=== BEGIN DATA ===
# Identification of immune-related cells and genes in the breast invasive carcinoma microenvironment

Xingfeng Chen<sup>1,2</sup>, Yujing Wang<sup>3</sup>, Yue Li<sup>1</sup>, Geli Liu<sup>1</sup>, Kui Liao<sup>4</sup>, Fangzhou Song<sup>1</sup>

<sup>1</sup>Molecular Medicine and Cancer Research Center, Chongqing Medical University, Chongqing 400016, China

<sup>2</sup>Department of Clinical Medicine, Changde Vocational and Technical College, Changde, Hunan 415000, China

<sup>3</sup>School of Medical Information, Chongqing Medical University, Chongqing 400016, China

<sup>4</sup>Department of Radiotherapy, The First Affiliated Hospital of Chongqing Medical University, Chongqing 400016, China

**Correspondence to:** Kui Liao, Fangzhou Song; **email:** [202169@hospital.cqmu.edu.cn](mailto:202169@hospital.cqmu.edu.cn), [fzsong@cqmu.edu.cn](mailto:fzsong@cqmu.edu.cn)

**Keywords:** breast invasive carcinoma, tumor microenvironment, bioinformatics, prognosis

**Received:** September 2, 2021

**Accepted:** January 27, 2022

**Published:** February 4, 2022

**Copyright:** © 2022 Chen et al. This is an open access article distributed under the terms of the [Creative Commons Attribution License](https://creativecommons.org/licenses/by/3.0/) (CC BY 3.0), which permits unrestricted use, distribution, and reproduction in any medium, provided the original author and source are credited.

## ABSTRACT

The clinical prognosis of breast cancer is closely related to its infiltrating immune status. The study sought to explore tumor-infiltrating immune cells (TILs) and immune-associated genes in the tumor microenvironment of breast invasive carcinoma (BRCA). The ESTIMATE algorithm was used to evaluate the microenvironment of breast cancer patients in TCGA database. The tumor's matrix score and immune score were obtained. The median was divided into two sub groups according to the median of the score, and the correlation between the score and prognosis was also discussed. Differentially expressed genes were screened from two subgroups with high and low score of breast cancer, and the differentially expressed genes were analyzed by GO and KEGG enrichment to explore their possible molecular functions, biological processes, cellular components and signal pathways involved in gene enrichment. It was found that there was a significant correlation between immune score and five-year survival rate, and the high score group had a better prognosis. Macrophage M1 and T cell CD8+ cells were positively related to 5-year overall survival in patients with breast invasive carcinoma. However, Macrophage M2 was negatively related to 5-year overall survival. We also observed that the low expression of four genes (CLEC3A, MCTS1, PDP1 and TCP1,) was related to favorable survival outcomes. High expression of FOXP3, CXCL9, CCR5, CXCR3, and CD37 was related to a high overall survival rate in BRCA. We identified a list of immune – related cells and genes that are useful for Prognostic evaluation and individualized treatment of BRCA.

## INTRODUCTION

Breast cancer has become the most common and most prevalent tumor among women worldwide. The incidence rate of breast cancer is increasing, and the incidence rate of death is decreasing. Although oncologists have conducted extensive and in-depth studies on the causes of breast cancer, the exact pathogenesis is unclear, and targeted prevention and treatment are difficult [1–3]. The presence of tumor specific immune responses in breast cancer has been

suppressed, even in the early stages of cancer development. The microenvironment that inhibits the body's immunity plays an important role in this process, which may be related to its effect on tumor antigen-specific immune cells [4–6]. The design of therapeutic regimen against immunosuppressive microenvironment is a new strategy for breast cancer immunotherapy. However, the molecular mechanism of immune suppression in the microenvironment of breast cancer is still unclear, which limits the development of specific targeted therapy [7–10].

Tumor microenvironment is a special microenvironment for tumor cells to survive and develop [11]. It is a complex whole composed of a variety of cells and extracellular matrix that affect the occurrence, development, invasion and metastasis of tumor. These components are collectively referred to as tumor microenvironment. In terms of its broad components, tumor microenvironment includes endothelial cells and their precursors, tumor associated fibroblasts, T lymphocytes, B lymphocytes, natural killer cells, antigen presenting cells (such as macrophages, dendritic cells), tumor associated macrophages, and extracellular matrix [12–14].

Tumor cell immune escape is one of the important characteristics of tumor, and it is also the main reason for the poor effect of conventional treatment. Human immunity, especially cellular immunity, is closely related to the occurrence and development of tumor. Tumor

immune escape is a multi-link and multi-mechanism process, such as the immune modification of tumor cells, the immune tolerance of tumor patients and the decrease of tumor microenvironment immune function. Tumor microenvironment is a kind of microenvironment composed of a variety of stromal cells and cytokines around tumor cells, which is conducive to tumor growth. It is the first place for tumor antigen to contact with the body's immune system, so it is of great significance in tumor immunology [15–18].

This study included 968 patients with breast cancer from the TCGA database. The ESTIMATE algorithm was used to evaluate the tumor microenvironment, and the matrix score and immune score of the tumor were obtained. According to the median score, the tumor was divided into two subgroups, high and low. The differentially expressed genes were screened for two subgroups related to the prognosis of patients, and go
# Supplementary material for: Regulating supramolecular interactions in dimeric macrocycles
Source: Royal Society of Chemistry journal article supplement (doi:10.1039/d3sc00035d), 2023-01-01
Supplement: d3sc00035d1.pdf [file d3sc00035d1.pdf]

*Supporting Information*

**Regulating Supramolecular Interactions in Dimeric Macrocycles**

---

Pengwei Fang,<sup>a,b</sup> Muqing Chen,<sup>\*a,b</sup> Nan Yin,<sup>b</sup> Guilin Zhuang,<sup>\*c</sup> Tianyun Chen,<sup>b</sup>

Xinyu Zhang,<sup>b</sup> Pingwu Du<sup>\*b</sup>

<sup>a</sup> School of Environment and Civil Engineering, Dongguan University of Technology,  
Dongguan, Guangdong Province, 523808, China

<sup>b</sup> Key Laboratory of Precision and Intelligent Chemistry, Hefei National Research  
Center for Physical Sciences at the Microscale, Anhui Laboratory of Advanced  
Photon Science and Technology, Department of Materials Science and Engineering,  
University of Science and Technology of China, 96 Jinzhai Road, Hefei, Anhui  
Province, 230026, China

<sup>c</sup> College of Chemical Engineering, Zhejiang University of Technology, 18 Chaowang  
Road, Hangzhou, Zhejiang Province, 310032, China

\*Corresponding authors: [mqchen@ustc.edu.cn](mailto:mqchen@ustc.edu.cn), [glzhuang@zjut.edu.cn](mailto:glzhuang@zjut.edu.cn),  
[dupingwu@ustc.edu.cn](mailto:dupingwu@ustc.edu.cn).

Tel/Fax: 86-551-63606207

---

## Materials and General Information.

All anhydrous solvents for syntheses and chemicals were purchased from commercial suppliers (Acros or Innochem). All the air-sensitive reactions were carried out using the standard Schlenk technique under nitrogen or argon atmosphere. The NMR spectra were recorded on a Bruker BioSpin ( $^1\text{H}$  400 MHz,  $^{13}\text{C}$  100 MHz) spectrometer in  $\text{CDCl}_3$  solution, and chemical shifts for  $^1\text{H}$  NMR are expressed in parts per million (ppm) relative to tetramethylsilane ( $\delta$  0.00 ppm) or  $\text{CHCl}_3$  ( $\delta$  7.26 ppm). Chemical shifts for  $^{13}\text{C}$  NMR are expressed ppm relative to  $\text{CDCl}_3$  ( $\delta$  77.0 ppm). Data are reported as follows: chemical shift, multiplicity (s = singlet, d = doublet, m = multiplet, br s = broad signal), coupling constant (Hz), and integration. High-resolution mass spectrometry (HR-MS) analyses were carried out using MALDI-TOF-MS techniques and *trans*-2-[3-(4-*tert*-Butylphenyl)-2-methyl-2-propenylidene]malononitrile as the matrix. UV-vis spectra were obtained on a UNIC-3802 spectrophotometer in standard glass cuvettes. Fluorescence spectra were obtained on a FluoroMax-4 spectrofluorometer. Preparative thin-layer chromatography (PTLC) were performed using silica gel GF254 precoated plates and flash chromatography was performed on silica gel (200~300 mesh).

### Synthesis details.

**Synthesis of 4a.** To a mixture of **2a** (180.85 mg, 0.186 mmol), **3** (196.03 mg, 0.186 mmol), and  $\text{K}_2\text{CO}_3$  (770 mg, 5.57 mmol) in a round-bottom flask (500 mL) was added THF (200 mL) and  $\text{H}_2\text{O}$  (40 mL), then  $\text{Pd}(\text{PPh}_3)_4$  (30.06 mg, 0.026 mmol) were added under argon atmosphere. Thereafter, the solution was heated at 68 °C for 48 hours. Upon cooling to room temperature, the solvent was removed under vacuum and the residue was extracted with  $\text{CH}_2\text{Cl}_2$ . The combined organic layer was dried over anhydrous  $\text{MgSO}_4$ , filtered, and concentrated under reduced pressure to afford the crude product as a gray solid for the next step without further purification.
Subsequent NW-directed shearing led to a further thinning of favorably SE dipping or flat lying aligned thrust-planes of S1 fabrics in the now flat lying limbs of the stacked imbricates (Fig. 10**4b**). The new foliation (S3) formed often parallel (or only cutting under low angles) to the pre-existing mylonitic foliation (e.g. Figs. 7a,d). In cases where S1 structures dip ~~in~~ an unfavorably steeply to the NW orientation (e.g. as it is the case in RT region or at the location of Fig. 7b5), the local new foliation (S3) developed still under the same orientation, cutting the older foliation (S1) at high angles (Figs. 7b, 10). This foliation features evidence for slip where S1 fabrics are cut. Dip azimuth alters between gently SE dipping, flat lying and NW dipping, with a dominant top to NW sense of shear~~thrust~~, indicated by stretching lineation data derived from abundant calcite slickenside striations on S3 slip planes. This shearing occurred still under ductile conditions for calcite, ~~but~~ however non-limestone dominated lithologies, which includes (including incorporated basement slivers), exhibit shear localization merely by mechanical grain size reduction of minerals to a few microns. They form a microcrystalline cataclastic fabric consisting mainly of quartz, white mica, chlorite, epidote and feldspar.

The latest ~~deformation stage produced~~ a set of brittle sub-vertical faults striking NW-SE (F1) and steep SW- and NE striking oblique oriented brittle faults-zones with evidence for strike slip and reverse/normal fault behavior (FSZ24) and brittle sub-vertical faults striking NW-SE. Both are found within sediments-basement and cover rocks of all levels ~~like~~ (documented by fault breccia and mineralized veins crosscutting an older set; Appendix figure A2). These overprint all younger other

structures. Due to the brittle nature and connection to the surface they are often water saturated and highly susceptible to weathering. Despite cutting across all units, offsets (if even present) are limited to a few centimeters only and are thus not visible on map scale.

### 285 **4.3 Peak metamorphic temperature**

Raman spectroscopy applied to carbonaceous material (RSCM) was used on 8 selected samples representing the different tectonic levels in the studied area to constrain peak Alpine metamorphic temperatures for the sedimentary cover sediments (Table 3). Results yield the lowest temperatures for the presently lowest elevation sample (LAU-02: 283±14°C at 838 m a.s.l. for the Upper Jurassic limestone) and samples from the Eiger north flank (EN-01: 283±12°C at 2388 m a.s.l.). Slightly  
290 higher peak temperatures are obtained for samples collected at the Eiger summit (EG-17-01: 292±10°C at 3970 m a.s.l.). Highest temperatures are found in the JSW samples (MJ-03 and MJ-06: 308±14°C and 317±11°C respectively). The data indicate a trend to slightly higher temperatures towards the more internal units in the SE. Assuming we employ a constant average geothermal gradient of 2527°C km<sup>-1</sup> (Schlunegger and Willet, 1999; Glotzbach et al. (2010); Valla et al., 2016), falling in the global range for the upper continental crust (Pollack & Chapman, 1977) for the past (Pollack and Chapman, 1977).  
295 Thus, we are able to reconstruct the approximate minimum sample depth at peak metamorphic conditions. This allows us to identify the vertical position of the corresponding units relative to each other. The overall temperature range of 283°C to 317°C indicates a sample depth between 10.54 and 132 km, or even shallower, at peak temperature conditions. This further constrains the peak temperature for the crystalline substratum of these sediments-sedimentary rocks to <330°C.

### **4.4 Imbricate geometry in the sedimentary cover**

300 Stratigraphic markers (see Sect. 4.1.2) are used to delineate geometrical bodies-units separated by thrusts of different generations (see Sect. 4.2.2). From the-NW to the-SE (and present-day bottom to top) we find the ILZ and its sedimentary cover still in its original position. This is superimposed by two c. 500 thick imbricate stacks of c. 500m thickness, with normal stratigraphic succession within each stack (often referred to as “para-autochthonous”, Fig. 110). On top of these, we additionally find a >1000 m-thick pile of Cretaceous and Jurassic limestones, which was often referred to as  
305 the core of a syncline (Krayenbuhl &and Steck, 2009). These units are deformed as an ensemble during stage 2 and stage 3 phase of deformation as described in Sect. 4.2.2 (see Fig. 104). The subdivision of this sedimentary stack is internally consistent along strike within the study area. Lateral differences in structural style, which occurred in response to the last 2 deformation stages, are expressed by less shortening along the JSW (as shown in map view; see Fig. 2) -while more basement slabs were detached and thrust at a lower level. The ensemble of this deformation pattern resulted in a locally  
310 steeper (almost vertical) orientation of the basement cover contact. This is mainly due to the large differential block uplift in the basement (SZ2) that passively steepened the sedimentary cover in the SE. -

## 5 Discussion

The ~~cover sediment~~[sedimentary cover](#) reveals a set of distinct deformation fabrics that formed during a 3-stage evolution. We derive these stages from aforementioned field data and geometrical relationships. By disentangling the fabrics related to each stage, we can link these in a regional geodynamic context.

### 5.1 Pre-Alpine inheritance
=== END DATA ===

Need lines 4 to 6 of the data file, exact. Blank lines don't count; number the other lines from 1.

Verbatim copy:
<sup>2</sup>Department of Clinical Medicine, Changde Vocational and Technical College, Changde, Hunan 415000, China

<sup>3</sup>School of Medical Information, Chongqing Medical University, Chongqing 400016, China

<sup>4</sup>Department of Radiotherapy, The First Affiliated Hospital of Chongqing Medical University, Chongqing 400016, China